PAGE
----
Shilajit is a dark goo that has been used in traditional medicine for thousands of years. While evidence-based scientific studies of this tar-like goo are lacking, some modern research has suggested that some of its purported benefits may have an element of truth.

What is shilajit made of?

The herbomineral substance comes from high mountain rocks, typically in the Himalayas and mountains of Tibet, although it can also come from a number of high altitude locations in Asia and South America.

It is created by the gradual breakdown of plants and organic matter by microbes over long periods of time.

It is extremely rich in dozens of minerals, especially fulvic acid, which is said to be its main active ingredient. Fulvic acid is created by the extremely slow breakdown of organic matter and can be found in clay, sand, peat, mountain rocks and mud.

Translations differ, but shilajit is said to mean the destroyer of weakness or conqueror of rocks in the ancient Sanskrit language. He also has different names depending on where you are in the world, most notably Mumijo.

Shilajit is very dark brown to black and is highly viscous like tar or resin. However, it is water soluble and is often consumed after mixing in water.

It is commonly related to Ayurveda, an ancient system of healing that originated in India, although there are also accounts of its use by ancient Greek, Roman, Chinese and Central Asian physicians. According to legend, Alexander the Great used mountain tears believed by some to be shilajit to heal war wounds during his expedition to India.

What is shilajit used for?

There are anecdotal claims that shilajit can be used for a myriad of purposes, most notably increasing “energy life” and improving longevity. As far as scientific studies go, there are few that suggest it holds promise for certain health issues. However, many of these studies are small or have only been done in laboratory animals, meaning their results should be treated with caution.

It is sometimes promoted as a powerful aphrodisiac. While there are no direct studies on this, other research has indicated that it could be used to treat low testosterone levels. In a study of 96 healthy men between the ages of 45 and 55, half were given a placebo while the other half were given 250 milligrams of purified shilajit twice a day. After 90 days, the participants who consumed the purified shilajit had significantly higher testosterone levels than the placebo group.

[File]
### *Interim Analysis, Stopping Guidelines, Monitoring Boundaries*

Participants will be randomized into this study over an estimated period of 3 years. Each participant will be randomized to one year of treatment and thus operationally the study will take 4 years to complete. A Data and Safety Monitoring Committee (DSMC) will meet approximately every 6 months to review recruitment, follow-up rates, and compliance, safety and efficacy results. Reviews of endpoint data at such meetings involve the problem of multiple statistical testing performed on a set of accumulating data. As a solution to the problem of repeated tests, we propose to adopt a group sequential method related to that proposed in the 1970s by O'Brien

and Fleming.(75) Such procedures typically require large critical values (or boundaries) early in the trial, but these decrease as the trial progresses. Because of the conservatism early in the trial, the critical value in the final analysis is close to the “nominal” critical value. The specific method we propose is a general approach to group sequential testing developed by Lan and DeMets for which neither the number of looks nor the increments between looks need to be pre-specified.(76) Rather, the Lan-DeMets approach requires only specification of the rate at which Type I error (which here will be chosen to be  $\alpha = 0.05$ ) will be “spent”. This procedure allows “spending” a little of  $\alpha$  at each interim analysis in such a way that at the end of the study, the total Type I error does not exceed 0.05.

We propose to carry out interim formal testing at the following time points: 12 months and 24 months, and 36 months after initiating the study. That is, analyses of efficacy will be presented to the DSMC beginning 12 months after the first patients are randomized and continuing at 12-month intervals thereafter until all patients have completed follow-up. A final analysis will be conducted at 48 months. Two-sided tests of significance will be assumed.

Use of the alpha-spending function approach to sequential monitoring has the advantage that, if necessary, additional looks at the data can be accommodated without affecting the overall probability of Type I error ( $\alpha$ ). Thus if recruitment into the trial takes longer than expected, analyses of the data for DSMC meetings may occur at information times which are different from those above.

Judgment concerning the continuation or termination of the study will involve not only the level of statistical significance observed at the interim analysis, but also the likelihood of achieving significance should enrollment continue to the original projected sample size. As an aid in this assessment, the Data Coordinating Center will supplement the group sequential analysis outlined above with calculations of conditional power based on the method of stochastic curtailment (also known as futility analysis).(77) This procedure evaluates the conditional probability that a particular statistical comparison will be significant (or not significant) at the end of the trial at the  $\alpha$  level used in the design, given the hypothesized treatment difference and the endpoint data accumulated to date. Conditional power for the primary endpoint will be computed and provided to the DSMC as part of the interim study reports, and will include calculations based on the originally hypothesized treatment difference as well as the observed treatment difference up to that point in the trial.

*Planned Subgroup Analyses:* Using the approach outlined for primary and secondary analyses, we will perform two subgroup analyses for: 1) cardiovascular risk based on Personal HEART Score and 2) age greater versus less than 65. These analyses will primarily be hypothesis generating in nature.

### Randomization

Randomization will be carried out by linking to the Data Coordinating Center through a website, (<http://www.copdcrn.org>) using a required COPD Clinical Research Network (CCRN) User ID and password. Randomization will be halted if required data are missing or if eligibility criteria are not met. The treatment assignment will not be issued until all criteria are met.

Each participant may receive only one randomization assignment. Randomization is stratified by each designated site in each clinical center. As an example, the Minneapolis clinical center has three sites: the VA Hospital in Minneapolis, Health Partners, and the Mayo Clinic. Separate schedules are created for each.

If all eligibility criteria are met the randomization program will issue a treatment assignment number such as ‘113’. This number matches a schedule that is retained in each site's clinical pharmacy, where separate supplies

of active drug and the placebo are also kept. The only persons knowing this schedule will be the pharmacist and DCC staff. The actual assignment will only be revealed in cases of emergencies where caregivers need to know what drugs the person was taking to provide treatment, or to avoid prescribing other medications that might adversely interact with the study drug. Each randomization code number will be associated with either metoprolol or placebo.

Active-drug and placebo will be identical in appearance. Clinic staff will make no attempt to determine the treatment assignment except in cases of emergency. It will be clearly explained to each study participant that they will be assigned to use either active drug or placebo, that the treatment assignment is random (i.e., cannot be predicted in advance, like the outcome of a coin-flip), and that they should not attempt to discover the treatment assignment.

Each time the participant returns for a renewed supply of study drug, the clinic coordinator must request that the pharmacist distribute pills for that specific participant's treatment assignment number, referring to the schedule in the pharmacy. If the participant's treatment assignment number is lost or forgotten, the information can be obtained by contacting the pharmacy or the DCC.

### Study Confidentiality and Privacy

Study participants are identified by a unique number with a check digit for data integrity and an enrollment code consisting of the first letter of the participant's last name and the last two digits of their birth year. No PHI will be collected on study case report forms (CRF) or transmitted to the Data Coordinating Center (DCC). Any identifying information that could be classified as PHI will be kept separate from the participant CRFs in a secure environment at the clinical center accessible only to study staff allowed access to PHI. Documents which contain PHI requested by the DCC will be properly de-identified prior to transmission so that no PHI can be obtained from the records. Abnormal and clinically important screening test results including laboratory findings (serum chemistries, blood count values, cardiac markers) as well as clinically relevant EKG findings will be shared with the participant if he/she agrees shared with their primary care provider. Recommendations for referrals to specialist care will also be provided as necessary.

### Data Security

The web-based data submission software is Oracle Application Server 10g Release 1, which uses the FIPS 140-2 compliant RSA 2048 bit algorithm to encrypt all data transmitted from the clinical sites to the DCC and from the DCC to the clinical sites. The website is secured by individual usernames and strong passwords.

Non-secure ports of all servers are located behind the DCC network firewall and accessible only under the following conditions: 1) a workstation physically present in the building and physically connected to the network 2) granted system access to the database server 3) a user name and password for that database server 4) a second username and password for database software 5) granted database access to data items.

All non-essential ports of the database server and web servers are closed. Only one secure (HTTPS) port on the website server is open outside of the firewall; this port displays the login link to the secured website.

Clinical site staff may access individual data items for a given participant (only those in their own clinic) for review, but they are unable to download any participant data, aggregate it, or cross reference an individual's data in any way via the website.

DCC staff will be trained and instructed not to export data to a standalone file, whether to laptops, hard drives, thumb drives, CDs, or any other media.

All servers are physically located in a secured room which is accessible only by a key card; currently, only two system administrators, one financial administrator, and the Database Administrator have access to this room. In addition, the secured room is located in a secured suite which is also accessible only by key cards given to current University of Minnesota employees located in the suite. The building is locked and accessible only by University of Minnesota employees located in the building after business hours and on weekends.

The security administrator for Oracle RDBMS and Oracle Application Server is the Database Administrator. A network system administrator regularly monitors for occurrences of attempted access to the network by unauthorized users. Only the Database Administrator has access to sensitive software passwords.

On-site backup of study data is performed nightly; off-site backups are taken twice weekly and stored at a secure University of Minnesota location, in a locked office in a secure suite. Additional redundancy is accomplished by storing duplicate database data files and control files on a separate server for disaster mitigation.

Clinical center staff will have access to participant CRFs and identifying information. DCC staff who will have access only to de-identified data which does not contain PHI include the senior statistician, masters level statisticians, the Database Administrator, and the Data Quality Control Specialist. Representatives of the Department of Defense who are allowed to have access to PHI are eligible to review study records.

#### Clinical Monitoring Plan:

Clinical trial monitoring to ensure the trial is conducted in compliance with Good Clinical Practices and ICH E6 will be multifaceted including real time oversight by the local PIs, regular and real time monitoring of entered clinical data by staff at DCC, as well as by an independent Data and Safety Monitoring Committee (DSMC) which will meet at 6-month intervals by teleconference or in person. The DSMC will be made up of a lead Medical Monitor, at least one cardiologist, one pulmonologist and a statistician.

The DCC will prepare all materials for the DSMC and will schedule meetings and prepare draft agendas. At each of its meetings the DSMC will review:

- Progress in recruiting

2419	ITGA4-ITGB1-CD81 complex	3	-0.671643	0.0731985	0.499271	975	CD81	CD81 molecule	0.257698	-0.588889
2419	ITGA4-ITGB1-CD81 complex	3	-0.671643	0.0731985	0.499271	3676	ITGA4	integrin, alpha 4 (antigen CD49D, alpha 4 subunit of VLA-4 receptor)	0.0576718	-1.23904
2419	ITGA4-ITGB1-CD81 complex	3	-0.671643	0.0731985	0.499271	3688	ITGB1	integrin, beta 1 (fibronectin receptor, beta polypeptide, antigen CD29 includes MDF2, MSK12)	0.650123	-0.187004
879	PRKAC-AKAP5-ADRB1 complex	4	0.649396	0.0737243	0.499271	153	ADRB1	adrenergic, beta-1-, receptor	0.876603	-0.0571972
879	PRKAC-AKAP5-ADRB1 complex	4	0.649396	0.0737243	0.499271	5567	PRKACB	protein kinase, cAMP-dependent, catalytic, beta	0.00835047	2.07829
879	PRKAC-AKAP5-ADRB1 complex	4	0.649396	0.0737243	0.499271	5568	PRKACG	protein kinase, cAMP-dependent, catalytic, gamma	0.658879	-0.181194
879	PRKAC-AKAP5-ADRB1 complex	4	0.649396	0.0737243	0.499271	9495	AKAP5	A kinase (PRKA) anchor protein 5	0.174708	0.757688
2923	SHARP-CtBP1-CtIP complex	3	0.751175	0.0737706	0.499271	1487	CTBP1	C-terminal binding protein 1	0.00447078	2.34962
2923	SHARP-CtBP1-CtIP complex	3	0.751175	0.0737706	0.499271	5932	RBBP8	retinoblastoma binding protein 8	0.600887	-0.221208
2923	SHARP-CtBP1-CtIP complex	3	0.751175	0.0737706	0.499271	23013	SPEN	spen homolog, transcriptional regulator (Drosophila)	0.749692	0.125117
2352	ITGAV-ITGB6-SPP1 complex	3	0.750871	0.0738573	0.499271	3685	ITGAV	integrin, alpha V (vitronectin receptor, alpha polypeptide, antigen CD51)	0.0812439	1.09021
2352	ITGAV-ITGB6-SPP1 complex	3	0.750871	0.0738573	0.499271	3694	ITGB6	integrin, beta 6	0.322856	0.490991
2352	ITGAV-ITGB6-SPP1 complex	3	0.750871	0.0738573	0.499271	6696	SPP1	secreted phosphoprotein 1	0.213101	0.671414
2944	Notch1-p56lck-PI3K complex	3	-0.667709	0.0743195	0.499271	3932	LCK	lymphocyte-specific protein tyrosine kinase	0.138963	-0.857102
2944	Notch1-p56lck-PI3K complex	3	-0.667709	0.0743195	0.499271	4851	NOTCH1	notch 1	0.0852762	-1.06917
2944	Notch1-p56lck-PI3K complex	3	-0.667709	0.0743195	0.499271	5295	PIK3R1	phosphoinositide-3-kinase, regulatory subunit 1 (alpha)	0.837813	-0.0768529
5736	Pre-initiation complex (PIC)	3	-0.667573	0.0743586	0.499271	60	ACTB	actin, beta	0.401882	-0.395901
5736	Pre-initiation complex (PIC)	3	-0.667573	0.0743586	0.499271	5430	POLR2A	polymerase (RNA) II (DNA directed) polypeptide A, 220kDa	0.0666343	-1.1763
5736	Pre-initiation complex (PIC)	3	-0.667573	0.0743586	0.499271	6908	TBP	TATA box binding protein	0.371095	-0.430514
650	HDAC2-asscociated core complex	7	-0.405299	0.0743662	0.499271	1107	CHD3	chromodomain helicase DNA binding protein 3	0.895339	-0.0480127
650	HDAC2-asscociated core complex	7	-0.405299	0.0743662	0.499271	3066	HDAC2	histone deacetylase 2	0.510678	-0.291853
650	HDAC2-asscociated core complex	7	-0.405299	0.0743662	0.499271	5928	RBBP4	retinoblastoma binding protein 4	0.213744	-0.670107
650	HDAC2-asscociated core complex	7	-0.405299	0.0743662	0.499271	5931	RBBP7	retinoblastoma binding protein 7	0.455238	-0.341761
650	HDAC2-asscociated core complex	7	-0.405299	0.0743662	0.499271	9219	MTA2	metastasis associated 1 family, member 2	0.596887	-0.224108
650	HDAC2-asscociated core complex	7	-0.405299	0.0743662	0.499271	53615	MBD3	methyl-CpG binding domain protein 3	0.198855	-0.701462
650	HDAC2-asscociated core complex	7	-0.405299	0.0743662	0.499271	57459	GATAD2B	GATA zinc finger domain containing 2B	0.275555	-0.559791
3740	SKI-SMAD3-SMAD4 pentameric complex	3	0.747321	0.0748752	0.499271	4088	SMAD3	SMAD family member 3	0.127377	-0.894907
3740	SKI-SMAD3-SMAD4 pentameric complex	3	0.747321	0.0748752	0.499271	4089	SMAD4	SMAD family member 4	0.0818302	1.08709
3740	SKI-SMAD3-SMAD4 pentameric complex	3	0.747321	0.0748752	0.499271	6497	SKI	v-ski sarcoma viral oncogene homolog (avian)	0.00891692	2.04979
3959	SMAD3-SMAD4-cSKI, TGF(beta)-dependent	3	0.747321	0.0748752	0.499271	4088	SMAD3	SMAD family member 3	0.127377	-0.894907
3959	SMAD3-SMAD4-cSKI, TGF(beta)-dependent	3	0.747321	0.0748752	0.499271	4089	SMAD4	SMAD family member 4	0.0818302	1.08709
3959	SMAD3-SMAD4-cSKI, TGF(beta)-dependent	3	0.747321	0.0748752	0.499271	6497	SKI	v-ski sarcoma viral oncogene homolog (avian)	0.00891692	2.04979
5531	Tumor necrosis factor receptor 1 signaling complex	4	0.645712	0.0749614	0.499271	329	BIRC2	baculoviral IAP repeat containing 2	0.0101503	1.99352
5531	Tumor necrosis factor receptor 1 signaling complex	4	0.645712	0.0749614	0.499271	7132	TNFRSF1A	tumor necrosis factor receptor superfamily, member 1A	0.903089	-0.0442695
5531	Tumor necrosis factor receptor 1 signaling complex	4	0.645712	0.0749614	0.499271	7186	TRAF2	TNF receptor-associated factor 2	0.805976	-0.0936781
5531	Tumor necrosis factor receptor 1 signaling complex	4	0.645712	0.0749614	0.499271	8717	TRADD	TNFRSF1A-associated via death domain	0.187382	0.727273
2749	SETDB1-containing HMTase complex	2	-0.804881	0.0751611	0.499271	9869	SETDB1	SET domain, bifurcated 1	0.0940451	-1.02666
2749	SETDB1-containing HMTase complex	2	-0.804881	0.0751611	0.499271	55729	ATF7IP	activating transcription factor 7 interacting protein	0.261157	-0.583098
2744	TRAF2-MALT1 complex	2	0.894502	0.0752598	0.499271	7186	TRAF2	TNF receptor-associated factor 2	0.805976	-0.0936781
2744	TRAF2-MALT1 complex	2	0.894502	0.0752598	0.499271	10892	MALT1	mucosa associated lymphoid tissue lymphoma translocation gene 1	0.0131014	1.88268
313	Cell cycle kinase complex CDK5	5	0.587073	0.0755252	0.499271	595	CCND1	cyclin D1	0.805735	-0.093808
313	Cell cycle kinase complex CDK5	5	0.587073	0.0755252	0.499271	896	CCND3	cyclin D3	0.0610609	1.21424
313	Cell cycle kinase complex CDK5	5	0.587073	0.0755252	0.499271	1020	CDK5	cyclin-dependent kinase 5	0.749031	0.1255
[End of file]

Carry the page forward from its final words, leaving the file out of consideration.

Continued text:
In another study, 60 men with fertility issues took shilajit twice a day for 90 days after meals. After 90 days of treatment, more than 60% of the participants showed an increase in total sperm count, while sperm motility was increased by 12%.

A team of scientists has examined whether shilajit could be used in the treatment of Alzheimer’s disease, citing its potential procognitive properties. They presented evidence that shilajit helped rats’ brain cells grow in a petri dish. Furthermore, they argued that the substance could possess certain properties that block the accumulation of tau proteins, believed to be the direct cause of Alzheimer’s and other neurodegenerative disorders. However, this is a bold claim that needs more proof.

Shilajit is sometimes touted as a remedy for tiredness and lethargy, so a study of 63 active men investigated whether it could help fatigue-induced decreases in muscle strength. Their results concluded that those who took the supplement were less tired and had better retention of maximal muscle strength.

The good news is that shilajit is widely considered safe and has minimal side effects. It is important, however, that the shilajit is not raw and has not been processed as it can be contaminated with unwanted by-products, such as pathogens and heavy metals. Likewise, it is possible to be allergic to the substance, so you should only take it after speaking to a doctor.

All explanatory articles are confirmed by fact checkers to be correct at the time of publication. Text, images and links can be edited, removed or added later to keep the information up to date.

The content of this article is not intended to replace professional medical advice, diagnosis, or treatment. Always seek the advice of qualified healthcare professionals with questions you may have regarding medical conditions.

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